Sometimes the data you need to collect are a matter of observation. Let’s go back to Fictionals Ice Cream Parlour for a moment. You recently purchased new furniture for the store, and you’re considering a couple of different layouts for it. You want to see which layout seems to work best for customer flow, so you set up the furniture one way for a few days and record your personal observations about customer movement within the shop. Then you switch the furniture to the other layout and again record what you notice. These data can help you figure out what other questions you might want to ask or what other data you need before making your decision.

You can use observation in this way to gain insight into naturalistic behavior. This can be especially useful if your subjects of interest are not human and can’t answer survey questions: scientists rely on observation as a data collection technique all the time!

One of the major shortcomings of this method is that the presence of an observer changes an observation. Every person sees an event from their own perspective, and their report of that event is influenced by that perspective. You can decrease this bias by having several observers so that the data gathered represents multiple viewpoints.

Examination of Existing Documents

In some cases, the data that you need already exist as parts of other documents and your data collection is really a matter of getting all of that information into one place.

As the manager of Fictionals Ice Cream Parlour, you want to take a look back at your sales for the last six months to see if your recently-added menu items have been profitable. This information is already available to you through your receipts or POS software data. You just have to get it set up in a way that allows you to easily work with and analyze it.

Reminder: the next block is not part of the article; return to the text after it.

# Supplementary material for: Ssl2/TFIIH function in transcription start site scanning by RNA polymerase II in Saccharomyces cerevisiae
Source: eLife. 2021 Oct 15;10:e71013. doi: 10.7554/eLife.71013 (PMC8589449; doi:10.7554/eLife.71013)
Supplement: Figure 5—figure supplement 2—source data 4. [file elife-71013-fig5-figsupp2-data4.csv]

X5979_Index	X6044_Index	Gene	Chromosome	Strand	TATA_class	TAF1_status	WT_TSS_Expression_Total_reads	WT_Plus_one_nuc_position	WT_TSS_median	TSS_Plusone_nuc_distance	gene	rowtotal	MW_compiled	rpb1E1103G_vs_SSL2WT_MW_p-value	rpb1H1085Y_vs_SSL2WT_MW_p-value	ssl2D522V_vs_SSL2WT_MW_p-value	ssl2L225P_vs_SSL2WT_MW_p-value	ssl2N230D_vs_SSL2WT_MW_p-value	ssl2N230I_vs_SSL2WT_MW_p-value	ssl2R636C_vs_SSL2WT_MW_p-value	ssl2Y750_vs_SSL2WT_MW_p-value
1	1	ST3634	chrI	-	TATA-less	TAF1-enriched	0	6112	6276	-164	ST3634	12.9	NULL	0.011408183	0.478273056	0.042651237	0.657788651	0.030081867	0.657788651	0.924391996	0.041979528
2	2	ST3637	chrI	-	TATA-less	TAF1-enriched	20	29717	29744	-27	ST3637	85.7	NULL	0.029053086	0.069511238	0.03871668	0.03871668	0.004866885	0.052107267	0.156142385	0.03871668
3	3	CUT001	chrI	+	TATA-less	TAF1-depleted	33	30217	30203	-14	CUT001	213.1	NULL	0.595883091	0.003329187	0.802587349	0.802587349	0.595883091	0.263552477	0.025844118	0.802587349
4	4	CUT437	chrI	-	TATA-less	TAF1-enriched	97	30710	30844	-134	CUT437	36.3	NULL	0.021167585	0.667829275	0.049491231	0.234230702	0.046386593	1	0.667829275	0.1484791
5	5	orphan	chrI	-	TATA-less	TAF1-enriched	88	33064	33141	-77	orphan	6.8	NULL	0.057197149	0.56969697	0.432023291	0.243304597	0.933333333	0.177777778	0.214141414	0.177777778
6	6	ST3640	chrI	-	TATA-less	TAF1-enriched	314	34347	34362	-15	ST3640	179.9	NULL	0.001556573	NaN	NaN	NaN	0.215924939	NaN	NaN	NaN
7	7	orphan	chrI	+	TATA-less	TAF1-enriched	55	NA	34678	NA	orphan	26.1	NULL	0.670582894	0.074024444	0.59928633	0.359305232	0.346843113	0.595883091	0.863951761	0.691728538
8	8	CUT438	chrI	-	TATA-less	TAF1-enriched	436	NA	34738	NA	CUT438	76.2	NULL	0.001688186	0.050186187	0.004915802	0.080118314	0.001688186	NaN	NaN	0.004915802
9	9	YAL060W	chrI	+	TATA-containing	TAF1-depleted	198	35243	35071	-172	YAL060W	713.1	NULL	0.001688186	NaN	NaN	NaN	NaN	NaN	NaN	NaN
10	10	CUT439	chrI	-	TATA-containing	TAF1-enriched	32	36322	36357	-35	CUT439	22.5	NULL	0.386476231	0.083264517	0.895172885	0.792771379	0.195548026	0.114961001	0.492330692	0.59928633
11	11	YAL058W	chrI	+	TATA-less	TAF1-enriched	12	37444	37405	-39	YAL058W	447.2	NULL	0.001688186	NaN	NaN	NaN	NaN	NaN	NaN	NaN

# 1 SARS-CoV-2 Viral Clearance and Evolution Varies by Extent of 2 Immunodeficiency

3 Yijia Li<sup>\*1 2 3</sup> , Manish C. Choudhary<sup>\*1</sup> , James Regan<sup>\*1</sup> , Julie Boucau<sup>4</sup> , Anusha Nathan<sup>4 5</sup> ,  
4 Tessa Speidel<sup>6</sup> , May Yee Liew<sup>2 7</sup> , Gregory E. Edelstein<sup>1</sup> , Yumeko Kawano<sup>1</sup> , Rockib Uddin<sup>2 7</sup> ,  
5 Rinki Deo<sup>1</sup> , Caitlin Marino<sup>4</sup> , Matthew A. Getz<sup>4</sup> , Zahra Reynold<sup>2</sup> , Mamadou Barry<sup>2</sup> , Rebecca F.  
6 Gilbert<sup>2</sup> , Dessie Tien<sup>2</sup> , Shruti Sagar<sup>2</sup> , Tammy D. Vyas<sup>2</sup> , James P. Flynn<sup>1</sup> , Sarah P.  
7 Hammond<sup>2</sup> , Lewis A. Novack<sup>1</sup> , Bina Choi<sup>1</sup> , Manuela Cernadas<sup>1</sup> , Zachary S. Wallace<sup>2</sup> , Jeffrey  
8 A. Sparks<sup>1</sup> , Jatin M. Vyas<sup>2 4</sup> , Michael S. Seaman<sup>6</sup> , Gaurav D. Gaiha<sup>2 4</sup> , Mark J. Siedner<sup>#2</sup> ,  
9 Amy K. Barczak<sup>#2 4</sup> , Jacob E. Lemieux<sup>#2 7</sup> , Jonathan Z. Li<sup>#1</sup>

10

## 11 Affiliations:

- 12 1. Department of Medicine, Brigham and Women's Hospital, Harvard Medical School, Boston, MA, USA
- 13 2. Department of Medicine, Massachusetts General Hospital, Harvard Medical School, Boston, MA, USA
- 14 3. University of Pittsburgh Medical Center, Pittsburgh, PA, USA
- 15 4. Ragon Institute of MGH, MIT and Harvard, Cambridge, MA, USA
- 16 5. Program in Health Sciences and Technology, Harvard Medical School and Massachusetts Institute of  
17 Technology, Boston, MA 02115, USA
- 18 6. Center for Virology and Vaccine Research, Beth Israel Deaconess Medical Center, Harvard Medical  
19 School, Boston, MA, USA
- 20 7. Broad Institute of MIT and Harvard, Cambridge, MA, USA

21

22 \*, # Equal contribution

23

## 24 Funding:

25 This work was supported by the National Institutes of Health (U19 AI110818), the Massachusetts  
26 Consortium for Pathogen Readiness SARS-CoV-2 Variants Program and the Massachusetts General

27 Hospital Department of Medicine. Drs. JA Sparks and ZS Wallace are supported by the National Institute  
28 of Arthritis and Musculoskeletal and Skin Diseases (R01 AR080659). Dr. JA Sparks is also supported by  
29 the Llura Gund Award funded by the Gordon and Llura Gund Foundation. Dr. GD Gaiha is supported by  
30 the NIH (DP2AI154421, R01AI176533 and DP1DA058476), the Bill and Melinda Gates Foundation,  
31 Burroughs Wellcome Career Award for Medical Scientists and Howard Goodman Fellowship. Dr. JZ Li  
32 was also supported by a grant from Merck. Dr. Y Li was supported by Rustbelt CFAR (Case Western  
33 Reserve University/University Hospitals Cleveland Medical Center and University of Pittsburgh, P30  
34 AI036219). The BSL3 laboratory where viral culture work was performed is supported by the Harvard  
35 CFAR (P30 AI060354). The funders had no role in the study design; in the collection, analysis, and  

Other existing documents that are frequently used to compile information include books, newspapers, web traffic logs, and webpages. There are also entire datasets that are available for use. These are covered in more detail in the chapter on Finding External Data.

When you’re using other documents as the main source of your data, you should first set up a data collection plan, much the way that you design a survey. The plan should detail what pieces of data you’re looking for, the level of measurement you want to capture them at, the time frame you need (e.g. do you only want data from the last 6 months? the last 12?), and how much data you need (e.g. do you want to look at all the receipts or just a sample of them?).

If any of the sources are ones that you don’t own, make sure to properly cite them. It’s important to credit others’ work, and it’s also important to be able to support your research if anyone challenges your information later on.


Diary forms can be useful if you’re collecting data from people about things that are happening over extended periods of time. They are particularly helpful if you them to record a lot of details that could easily be misremembered or forgotten.

You might have seen something similar to this before:

Food diary

Diary forms are often used for tracking things like meals, medications, or exercise but can be used for anything you want to record over time. They can be paper forms or computerized, but should follow the same design principles as surveys. Fields should be well-labelled and the instructions should be very clear about how (and how often) the diary should be completed.

Using Multiple Collection Methods

When you’re considering a project as a whole, it is possible that not all the research questions you’re trying to address can be answered using data collected from just one of the methods discussed so far. You may find that your survey will need to be supplemented with some direct measurements, or you may need to have your focus group participants complete diary forms.

Just as you can benefit from a combination of survey types, you can also benefit from incorporating multiple types of data collection if the data you need would most appropriately be gathered in different ways. Consider what approaches make the most sense for the data you need, and then select the best choices that are practical within your budgetary and time constraints.